Thursday, February 6, 2014

More Answers!!!

Cody's Question #2:

   I love this question. Because of melodrama's inherent pitting of "good v. evil," I think that it is above all, polarizing. I actually asked a similar question that asked whether or not melodrama could be unifying. I think that it can be seen through Griffith's  Birth of A Nation, that melodrama most certainly can create unity, however I have yet to see an example of a melodrama that doesn't unify in opposition to something or someone. I think that it would be hard to create a melodrama that would create peace and solidarity among all. For example, Williams talks about "moral legibility" in being an important aspect of melodrama, and that "melodrama focuses on victim-heroes and on recognizing their virtue." Many philosophers would argue that you cannot have good without evil, to compare it to. If this dialectic that Williams speaks about is fundamental, as it appears to be in just about every melodrama that she cites--Way Down East, Titanic, Uncle Tom's Cabin, etc.-- then I think that by nature, melodrama necessarily must pit factions against one another, while effectively unifying the factions of one side. A duality can be seen: perhaps melodrama is both unifying and polarizing at the same time.

Chelsea's Question #1:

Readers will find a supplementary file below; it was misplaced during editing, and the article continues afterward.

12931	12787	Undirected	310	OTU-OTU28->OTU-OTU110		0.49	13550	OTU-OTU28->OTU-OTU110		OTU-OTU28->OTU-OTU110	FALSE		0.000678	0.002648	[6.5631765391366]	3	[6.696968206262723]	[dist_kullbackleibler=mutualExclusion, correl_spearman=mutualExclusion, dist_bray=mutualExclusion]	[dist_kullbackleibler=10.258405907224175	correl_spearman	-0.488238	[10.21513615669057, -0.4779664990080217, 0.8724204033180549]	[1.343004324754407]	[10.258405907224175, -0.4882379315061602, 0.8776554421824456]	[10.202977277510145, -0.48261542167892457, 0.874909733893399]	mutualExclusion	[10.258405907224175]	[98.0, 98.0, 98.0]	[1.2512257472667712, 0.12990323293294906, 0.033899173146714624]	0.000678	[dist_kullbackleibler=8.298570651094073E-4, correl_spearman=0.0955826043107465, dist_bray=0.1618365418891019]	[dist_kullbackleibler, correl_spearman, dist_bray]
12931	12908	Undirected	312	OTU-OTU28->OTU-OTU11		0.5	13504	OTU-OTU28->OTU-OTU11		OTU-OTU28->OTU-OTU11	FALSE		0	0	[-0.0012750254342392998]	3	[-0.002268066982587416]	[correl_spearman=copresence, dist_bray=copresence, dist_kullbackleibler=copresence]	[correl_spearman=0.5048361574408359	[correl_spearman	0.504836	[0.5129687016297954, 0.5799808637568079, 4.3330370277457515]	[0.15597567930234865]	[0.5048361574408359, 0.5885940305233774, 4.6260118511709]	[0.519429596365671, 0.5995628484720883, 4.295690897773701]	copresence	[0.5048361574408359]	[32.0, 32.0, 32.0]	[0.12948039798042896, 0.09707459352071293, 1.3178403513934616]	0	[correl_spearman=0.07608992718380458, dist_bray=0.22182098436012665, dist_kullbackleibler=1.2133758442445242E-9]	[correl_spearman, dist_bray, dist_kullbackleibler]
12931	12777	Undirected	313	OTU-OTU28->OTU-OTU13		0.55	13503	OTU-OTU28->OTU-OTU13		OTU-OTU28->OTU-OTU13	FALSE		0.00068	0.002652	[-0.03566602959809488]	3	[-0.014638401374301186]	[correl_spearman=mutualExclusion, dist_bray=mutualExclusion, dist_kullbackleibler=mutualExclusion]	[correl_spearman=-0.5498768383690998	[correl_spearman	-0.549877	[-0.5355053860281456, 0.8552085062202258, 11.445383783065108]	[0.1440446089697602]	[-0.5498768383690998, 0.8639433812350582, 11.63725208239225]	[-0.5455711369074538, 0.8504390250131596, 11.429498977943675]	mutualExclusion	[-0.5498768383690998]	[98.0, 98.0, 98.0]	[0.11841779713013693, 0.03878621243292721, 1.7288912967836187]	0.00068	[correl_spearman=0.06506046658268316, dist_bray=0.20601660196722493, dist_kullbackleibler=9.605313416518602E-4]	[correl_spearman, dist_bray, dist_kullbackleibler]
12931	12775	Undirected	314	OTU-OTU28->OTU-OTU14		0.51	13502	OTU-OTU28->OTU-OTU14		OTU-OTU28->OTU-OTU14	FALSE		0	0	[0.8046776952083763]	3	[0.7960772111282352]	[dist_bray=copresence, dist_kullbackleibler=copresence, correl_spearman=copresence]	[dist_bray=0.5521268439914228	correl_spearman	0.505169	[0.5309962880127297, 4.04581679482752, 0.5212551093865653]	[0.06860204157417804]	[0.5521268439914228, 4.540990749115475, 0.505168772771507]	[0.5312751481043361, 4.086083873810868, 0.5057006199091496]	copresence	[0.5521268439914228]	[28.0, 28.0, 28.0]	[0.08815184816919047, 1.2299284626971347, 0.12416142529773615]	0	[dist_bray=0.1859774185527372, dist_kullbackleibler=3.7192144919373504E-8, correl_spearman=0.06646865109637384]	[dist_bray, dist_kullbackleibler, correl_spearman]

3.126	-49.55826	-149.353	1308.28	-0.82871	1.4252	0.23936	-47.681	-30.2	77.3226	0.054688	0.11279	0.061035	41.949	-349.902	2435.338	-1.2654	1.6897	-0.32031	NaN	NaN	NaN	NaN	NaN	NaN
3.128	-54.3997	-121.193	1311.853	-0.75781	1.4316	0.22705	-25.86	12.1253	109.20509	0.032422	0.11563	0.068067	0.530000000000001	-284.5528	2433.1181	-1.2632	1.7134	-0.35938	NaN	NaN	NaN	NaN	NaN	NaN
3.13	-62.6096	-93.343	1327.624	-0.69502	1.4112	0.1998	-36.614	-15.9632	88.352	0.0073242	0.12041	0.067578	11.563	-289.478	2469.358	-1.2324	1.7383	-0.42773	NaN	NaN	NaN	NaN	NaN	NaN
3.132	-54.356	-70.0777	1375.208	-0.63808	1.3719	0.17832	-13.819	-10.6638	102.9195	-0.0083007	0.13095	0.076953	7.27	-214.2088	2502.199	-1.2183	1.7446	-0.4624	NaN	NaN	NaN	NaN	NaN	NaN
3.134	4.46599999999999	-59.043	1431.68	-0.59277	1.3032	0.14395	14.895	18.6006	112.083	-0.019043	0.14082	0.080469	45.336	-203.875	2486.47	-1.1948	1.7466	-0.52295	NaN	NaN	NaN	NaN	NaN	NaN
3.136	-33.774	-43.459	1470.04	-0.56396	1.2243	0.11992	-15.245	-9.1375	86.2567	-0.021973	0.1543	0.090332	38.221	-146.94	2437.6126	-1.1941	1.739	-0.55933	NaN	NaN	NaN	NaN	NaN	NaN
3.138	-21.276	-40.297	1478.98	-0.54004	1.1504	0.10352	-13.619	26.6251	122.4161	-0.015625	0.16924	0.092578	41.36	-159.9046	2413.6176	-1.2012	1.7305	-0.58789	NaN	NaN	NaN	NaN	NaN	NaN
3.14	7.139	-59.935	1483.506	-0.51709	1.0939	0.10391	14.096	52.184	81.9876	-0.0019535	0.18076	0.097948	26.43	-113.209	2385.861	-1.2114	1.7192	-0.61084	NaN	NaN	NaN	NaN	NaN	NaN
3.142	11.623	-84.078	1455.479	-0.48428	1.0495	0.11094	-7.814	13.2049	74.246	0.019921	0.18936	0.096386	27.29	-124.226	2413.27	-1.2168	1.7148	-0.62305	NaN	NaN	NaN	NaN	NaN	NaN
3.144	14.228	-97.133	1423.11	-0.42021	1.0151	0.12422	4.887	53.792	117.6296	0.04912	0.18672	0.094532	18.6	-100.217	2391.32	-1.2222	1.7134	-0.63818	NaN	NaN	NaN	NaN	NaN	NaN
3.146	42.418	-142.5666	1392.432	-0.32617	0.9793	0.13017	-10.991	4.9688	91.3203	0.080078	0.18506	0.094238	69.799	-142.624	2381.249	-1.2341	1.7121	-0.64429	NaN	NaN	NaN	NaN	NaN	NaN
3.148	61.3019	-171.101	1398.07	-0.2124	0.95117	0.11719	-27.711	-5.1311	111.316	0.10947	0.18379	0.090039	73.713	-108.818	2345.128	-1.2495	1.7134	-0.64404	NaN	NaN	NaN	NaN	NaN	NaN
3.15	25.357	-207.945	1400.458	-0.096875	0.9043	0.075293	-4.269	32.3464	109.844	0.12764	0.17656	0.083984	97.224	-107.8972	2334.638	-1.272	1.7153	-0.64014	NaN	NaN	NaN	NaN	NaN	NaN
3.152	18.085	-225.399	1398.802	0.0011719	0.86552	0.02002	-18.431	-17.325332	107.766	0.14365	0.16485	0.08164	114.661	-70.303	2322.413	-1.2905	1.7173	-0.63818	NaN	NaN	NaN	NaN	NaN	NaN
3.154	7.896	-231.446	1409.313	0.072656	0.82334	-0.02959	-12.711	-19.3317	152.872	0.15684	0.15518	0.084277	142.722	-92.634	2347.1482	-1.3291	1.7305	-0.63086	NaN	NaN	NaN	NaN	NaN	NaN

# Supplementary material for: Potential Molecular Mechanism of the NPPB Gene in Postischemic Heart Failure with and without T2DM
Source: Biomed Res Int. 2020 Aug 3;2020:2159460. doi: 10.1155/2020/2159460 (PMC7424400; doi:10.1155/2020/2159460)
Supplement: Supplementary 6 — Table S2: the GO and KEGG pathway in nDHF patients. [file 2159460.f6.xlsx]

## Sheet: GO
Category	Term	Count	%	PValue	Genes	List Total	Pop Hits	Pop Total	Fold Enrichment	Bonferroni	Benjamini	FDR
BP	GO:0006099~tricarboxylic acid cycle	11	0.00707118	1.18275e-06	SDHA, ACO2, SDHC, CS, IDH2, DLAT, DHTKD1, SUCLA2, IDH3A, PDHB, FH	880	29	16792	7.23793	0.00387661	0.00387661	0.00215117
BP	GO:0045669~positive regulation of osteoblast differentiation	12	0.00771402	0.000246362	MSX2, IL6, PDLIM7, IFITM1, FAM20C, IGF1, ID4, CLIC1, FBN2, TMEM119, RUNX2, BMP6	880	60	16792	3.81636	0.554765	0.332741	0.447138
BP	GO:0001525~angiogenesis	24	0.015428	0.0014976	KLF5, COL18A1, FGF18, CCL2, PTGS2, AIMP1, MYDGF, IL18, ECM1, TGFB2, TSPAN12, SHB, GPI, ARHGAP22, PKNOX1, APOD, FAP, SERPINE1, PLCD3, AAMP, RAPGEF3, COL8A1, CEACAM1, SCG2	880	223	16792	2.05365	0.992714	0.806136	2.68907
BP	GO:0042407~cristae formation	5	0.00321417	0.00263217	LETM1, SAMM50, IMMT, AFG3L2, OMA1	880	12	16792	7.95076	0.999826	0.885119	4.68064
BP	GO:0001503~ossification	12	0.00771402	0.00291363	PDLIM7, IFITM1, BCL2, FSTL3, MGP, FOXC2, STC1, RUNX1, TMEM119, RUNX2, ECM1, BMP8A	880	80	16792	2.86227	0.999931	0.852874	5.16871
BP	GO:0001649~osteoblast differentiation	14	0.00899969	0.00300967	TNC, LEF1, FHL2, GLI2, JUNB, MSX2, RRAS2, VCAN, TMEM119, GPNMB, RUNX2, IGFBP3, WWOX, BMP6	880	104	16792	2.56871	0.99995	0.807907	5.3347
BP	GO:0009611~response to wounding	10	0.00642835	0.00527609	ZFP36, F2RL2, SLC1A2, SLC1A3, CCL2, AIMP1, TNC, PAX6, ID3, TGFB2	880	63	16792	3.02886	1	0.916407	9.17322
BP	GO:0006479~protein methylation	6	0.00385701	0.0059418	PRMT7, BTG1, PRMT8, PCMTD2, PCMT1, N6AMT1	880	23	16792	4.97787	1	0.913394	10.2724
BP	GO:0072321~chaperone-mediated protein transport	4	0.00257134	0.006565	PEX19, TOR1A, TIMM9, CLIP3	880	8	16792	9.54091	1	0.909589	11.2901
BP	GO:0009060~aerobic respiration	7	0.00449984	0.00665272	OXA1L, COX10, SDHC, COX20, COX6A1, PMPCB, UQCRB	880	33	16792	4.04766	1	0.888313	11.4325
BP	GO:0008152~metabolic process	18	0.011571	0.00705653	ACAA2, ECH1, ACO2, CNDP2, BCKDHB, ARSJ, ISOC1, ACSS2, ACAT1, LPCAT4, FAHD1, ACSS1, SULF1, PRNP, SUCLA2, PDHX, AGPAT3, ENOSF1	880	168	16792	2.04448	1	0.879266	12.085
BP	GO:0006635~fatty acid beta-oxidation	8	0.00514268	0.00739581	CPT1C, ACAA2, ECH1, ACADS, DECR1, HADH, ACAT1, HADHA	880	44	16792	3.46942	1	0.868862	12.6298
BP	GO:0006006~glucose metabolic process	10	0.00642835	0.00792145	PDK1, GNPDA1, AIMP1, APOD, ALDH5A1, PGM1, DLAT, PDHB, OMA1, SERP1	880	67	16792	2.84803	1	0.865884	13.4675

The reason that sentimentality in art and literature "doesn't appeal" to the elite classes, is that it admits a sort of melodramatic nostalgia that many of the "elite" don't wish to admit that they have. In a way, admitting that one is moved by the sentimentality created by melodrama is also admitting weakness. If one looks at Marx, the upper class does not wish to relinquish power, and admitting that one is moved by the same fear of modernity and longing to return to a "space of innocence," would be relinquishing that power psychologically. At least, this is the argument that might be made. However, I do not believe that the upper classes are not moved by melodrama. In fact, melodrama appeals to such raw human feeling, such fundamental timeless issues--passing time, feeling victimized, good v. evil--that it would be impossible for anyone of any class not to be moved by "sentimentality." It might be more embarrassing for a person of the "god-like" upper classes to admit to  being moved by this sentimentality, but the appeal of melodrama is universal to all people's psyches. The appeal of melodrama might change depending on what context one lives in, or what role one plays in society, but it must appeal nonetheless, else it would not exist. 

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